Meat Loaf - the Singer
Created | Updated May 28, 2013
By anybody's reckoning, Marvin Lee Aday has come a long way from being a fat kid in Texas to the global rock sensation known as Meat Loaf1.
A Wasted Youth
Born in 1947 in Dallas, the young Marvin Lee spent plenty of time being embarrassed by his weight and his father's drunken antics. Indeed, his autobiography is full of stories of picking his father up from all kinds of seedy bars where he may have ended an evening, as well as a tale about his father drunkenly hurling abuse at his high school football coach. There are a number of stories regarding how he acquired the moniker 'Meat Loaf', although the one used most often is that he trod on his PE teacher's foot, which met with the response: 'Get off me , you big lump of meatloaf!'. All the stories about the nickname originate from his build and girth. At the age of 19, following his mother's death, Meat's father became more and more violent towards him, and constantly threatened and taunted him. Meat had had enough and ran away to Los Angeles to seek his fortune.
The Early Years
The teenage Meat's arrival in LA in 1967 did not lead to instant success. He formed his first band, a power trio called Meat Loaf Soul, and later Popcorn Blizzard. His big break came when he was cast as Ulysses S Grant in the musical Hair in 1970, following the break-up of Popcorn Blizzard. While performing in Hair he met a female singer called Stoney. Under the imaginative name of Stoney and Meat Loaf, they released a self-titled album on the Rare Earth record label, which led to being signed by Motown on a seven-year contract. However, after the release of their single 'What You See Is What You Get', the duo fell out with Motown and agreed to sit out their contract - taking advantage of the fact that it never specified how many albums they should release. This 'strike action' occurred after it came to light that a song they had recorded had been stripped of lead vocals and given to another group to re-record because their version was deemed unsatisfactory. Meat continued to appear in musicals and his appearance in a performance of The Rocky Horror Picture Show, the film of the musical, playing Eddie and meeting a decidedly messy end. It was around this time that Meat Loaf met Jim Steinman, a partnership that would catapult him to global fame.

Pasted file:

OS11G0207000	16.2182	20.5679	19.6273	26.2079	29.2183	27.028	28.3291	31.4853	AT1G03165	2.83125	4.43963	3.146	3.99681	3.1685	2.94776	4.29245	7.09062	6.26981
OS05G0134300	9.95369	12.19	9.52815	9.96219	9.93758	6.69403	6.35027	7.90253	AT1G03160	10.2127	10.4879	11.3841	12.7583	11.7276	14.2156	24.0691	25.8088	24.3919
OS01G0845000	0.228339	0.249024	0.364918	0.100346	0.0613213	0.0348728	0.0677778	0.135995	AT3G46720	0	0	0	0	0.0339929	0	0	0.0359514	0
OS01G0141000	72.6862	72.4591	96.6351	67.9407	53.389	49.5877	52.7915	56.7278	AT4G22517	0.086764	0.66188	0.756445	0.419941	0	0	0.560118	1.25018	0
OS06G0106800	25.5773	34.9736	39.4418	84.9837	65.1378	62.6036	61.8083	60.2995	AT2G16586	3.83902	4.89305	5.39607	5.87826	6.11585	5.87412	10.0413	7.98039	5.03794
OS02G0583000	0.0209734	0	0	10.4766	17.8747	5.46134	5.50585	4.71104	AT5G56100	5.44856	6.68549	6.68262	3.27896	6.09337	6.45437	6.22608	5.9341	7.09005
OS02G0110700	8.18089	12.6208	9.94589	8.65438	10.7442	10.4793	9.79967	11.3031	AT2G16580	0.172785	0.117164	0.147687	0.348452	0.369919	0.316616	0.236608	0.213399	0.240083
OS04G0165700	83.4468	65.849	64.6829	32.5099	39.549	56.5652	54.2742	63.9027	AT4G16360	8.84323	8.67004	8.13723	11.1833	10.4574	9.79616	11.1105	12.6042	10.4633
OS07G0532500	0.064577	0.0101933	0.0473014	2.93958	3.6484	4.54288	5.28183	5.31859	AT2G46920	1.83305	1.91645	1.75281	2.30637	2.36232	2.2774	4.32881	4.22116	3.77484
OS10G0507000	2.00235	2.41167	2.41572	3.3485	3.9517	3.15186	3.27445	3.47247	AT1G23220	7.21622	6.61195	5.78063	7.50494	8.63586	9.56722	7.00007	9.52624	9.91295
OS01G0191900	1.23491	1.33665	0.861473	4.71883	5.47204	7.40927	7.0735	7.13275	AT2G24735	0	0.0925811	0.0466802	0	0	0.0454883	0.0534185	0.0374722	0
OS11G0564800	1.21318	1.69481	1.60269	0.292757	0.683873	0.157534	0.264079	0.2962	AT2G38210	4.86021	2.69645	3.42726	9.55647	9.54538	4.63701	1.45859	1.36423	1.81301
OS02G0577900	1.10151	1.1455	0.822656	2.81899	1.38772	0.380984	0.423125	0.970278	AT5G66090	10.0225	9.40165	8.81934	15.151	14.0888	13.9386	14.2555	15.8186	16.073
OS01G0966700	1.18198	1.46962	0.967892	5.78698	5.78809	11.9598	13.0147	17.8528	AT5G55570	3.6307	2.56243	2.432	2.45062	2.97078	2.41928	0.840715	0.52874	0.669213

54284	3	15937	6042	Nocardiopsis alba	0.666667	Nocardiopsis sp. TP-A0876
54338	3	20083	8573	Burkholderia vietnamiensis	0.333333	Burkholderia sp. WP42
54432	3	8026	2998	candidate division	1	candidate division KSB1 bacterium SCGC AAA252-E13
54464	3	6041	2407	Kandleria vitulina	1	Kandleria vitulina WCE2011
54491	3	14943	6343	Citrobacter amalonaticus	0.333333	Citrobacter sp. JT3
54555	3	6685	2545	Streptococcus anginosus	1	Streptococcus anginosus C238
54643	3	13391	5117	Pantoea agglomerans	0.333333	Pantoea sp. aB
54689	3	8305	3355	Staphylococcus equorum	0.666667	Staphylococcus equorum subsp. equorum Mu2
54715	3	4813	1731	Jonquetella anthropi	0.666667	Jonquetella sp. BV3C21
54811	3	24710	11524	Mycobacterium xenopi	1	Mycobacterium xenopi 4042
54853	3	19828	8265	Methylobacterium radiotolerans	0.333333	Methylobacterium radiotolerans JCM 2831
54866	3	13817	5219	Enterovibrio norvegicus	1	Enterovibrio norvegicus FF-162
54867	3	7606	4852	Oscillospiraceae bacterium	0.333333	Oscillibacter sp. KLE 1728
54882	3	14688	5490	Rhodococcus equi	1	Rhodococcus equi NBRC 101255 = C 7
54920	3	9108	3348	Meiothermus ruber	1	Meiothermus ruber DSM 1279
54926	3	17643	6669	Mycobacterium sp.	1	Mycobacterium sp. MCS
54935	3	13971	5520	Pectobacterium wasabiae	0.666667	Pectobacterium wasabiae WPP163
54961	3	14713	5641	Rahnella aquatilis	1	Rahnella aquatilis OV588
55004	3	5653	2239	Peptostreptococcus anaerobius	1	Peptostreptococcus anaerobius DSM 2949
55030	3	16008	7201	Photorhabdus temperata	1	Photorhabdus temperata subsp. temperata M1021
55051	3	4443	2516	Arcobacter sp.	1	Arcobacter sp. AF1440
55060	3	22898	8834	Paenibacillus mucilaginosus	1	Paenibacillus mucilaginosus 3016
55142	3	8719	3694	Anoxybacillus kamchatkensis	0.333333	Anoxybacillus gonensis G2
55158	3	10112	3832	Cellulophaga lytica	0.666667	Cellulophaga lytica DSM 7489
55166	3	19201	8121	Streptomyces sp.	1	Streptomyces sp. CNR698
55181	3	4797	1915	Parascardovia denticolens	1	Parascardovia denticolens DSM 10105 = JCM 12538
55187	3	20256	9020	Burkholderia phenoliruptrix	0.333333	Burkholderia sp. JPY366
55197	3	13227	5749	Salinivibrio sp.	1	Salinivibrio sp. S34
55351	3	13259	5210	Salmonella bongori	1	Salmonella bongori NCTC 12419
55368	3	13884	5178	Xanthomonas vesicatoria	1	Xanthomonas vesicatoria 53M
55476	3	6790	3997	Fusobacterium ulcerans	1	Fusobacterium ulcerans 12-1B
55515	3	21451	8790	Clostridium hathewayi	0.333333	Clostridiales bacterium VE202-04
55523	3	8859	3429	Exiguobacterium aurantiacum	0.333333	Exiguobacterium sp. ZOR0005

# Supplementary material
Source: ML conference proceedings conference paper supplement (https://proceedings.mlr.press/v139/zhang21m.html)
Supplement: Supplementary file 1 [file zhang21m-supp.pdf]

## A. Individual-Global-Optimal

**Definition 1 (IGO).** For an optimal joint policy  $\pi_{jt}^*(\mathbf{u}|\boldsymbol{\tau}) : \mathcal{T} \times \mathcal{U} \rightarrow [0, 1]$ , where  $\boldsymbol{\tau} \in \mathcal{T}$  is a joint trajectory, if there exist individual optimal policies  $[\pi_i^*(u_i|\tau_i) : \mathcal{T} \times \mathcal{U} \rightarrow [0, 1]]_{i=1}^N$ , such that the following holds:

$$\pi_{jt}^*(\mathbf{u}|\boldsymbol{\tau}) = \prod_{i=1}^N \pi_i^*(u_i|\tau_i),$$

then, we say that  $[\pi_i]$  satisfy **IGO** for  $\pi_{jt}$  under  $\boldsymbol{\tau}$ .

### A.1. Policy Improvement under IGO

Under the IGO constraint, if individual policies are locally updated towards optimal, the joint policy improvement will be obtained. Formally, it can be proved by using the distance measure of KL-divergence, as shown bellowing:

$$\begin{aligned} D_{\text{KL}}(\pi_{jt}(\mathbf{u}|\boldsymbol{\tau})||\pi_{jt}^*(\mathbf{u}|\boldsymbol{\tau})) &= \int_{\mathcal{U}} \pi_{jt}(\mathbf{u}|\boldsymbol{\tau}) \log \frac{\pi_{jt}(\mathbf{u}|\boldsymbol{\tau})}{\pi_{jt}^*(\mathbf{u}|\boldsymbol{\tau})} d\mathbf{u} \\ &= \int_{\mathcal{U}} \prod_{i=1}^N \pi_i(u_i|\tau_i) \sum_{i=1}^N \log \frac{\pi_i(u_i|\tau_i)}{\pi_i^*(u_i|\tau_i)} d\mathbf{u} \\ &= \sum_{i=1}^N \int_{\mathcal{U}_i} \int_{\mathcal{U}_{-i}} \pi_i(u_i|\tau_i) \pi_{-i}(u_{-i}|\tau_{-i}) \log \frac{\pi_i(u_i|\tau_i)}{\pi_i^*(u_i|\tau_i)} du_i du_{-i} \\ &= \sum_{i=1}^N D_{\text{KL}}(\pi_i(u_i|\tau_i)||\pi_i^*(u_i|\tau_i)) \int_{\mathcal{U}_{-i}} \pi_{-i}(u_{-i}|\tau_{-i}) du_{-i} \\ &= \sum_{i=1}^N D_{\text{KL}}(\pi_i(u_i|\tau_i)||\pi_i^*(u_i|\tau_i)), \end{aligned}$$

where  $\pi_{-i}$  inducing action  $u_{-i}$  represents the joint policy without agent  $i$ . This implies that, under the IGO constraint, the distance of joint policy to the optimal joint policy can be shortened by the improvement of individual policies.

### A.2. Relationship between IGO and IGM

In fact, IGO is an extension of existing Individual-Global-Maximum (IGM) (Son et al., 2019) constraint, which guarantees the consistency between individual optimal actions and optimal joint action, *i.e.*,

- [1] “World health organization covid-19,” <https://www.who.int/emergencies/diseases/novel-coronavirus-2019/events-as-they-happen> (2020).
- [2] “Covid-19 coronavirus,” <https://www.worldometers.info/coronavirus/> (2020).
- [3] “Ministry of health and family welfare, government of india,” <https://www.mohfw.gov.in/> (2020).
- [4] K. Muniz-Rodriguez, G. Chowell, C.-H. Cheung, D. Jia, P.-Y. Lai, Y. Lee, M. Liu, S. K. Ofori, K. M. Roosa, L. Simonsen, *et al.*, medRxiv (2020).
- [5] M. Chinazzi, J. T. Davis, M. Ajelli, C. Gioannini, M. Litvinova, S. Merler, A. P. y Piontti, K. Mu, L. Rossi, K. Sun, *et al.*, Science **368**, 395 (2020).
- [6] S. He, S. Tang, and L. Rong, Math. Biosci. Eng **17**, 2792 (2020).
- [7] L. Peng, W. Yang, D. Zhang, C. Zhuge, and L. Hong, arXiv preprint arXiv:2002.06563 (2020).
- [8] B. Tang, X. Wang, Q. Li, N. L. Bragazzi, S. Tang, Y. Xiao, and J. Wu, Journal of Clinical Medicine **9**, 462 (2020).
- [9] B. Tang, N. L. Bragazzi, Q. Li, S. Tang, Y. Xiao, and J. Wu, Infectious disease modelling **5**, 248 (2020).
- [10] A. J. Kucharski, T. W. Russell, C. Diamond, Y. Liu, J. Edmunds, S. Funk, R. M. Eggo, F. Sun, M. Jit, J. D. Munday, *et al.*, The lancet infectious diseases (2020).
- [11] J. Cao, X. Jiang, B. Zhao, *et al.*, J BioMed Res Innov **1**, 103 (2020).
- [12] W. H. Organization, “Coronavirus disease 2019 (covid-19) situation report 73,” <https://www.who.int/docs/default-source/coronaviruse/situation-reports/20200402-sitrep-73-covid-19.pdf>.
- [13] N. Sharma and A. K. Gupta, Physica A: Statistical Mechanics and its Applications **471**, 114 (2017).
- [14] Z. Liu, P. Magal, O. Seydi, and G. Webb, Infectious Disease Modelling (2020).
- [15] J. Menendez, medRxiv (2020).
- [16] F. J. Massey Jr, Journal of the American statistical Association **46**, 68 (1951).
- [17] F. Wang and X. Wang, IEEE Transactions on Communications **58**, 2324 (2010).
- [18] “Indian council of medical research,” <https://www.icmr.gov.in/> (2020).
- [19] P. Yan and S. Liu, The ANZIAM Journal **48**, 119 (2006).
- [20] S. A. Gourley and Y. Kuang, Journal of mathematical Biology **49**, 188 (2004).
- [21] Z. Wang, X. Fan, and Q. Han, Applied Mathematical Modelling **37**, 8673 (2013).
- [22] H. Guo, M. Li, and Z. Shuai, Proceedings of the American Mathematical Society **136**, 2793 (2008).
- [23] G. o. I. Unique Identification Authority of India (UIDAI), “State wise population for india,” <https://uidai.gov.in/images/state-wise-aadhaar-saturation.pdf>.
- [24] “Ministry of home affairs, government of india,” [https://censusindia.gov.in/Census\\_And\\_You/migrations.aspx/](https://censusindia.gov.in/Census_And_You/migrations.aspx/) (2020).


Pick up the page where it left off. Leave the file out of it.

Enter Jim Steinman
Jim Steinman is an eccentric songwriter who first came into contact with Meat Loaf in the mid-1970s when he cast him in his musical More Than You Deserve. Steinman and Meat Loaf soon decided to record an album together, and the songs they chose were seven magnificently over-the-top anthems from Steinman's planned rock opera, Neverland2. Some of these songs were duets, so a female vocalist had to be found. Stoney and Meat Loaf were no longer performing together - she had gone on to be backing vocalist for Bruce Springsteen, among others - so they chose Ellen Foley. Steinman didn't think a demo tape could do justice to his songs, so they traipsed around the major labels, to no avail - an overblown musical concept was not considered a good recording prospect. But by the time Stoney and Meat Loaf's Motown contract expired in 1977, Todd Rundgren, leader of rock group Utopia, agreed to produce the record and release it himself.
Bat Out Of Hell
With an opening verse containing references to screaming sirens, howling fires, guns, blades, thunderous skies, bloodshot streets and foaming young boys, on the back of a two minute guitar solo which sounds like a motorbike engine, Bat Out Of Hell is clearly not a run-of-the-mill offering. Todd Rundgren was responsible for the idiosyncratic 'revving', and the musicianship of the Neverland Express, a backing band assembled by Meat, Steinman and Rundgren. A couple of members of Springsteen's E Street band were present, and bassist Kasim Sulton still plays live with Meat Loaf today. In the end, Rundgren couldn't finance a release for the debut album himself, but it did emerge on the Cleveland International Record label (a division of Epic), and was a big hit. The title track, a ten-minute guitar and piano driven rock roller coaster about love, death and motorbikes, was backed up by six other tracks: the poppy 'You took The Words Right Out of My Mouth', the epic, heartfelt ballads 'Heaven Can Wait' and 'For Crying Out Loud', 'All revved Up With No Place To Go', the Eagles-esque 'Two Out of Three Ain't Bad', and 'Paradise By The Dashboard Light' completing the listing.